Wild Horse Freedom Federation White Paper, “…BLM’s growth estimates and population increases on specific HMAs is biologically impossible and scientifically absurd. The BLM has reported, on more than one occasion, statistics that would establish a 750 to 1250 percent increase in population over the course of a year.”
* Remove all Appropriate Management Levels (AML) for wild horses and burros on rangelands designated for them and replace it with nature’s true ecological balance of the lands. Allow for ecological balance through acknowledgment of the thousands of years that nature “managed” these lands and incorporate true ecological methods and the removal of private/corporate for-profit domestic livestock.
Achieving justice for our wild horses and burros depends on BLM officials exercising their authority to legally reduce private, usually corporate, domestic livestock grazing in the wild horse and burros’ legal areas, whether on BLM or USFS lands. Such exercise would be legally covered under 43 Code of Federal Regulations (C.F.R.) 4710.3-2 and 43 C.F.R 4710.5(a). In particular, 43 C.F.R. 4710.5 clearly states that the Bureau of Land Management can legally reduce livestock grazing in order “to provide habitat for wild horses or burros.”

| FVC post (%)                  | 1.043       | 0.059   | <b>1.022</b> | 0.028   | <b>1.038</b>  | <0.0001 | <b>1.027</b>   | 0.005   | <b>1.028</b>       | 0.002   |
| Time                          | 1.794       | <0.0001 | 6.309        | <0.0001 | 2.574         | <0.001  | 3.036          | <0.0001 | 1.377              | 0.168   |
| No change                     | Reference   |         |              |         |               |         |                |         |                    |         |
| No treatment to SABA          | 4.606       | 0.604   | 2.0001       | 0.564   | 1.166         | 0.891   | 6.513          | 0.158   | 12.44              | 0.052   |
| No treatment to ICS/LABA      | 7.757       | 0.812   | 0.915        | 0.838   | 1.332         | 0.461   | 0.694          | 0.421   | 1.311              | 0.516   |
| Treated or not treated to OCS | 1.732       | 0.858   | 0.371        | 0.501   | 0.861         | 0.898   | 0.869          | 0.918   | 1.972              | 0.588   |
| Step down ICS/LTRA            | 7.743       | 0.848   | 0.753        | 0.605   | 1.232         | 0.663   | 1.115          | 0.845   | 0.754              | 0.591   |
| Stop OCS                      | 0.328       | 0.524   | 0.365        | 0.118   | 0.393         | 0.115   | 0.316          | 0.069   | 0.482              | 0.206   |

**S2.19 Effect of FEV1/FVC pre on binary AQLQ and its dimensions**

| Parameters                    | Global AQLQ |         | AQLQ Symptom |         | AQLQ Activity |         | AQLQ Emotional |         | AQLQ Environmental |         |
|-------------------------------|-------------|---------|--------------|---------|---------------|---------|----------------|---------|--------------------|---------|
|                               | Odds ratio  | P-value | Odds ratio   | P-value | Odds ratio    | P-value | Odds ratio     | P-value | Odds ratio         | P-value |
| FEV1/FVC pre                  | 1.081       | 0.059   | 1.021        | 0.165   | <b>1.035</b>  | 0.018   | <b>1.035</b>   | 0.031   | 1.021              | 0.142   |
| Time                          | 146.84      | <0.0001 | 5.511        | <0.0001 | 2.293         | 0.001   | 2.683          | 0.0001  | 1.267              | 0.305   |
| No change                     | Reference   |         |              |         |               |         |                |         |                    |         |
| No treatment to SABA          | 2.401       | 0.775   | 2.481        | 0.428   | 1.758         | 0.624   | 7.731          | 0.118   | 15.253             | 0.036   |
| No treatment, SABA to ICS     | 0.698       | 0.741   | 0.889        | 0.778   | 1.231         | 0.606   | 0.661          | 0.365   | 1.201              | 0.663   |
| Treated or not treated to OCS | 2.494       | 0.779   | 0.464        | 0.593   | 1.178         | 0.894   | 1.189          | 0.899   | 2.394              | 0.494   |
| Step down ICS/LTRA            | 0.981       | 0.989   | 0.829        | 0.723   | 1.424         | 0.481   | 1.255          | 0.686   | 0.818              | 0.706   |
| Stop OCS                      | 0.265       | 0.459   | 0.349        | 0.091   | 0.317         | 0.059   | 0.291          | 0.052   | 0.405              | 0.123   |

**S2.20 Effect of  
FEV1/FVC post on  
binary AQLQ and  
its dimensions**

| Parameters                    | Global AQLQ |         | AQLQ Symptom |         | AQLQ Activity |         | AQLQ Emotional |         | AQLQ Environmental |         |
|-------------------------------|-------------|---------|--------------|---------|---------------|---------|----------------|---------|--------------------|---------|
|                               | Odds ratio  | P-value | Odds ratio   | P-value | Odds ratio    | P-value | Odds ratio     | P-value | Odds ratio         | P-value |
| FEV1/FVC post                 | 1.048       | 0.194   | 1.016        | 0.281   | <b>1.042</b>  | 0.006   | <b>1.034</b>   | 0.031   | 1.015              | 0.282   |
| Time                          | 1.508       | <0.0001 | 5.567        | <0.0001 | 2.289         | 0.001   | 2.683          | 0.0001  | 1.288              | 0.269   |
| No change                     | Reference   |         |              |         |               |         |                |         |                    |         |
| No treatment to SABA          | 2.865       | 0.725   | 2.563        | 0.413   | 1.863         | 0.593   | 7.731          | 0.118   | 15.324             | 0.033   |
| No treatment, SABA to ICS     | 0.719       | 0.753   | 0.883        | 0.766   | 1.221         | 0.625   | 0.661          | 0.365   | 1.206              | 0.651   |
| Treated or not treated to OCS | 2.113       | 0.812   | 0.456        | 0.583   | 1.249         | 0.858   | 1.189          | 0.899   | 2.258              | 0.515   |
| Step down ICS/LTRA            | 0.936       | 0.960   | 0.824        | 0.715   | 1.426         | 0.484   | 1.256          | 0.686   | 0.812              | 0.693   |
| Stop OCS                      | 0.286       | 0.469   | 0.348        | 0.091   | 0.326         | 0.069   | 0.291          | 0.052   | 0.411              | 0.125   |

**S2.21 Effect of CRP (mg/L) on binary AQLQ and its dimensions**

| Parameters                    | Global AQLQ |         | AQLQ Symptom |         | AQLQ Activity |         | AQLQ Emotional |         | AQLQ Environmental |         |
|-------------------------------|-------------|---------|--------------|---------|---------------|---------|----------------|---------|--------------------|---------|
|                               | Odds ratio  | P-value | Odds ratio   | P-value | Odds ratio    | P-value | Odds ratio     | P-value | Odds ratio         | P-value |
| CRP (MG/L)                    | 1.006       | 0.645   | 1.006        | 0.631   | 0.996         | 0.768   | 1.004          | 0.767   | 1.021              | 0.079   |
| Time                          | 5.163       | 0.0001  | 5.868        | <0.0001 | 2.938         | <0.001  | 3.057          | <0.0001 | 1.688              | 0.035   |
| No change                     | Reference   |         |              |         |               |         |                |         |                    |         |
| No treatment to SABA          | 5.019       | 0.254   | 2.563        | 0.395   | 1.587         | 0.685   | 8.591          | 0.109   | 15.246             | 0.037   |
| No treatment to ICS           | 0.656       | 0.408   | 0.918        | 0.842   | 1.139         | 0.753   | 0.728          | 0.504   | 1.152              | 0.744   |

- 4710.5 Closure to livestock grazing.
- If necessary to provide habitat for wild horses or burros, to implement herd management actions, or to protect wild horses or burros, to implement herd management actions, or to protect wild horses or burros from disease, harassment or injury, the authorized officer may close appropriate areas of the public lands to grazing use by all or a particular kind of livestock.
* By law, wild horses and burros are subject to roundups when there are “excess” animals on the range and when the excess animals are preventing achievement of a “thriving natural ecological balance” (TNEB) and/or when they are on private lands outside of existing Herd Management Area (HMA) boundaries. There are a number of scientific issues that ostensibly contribute to the decision to conduct a roundup.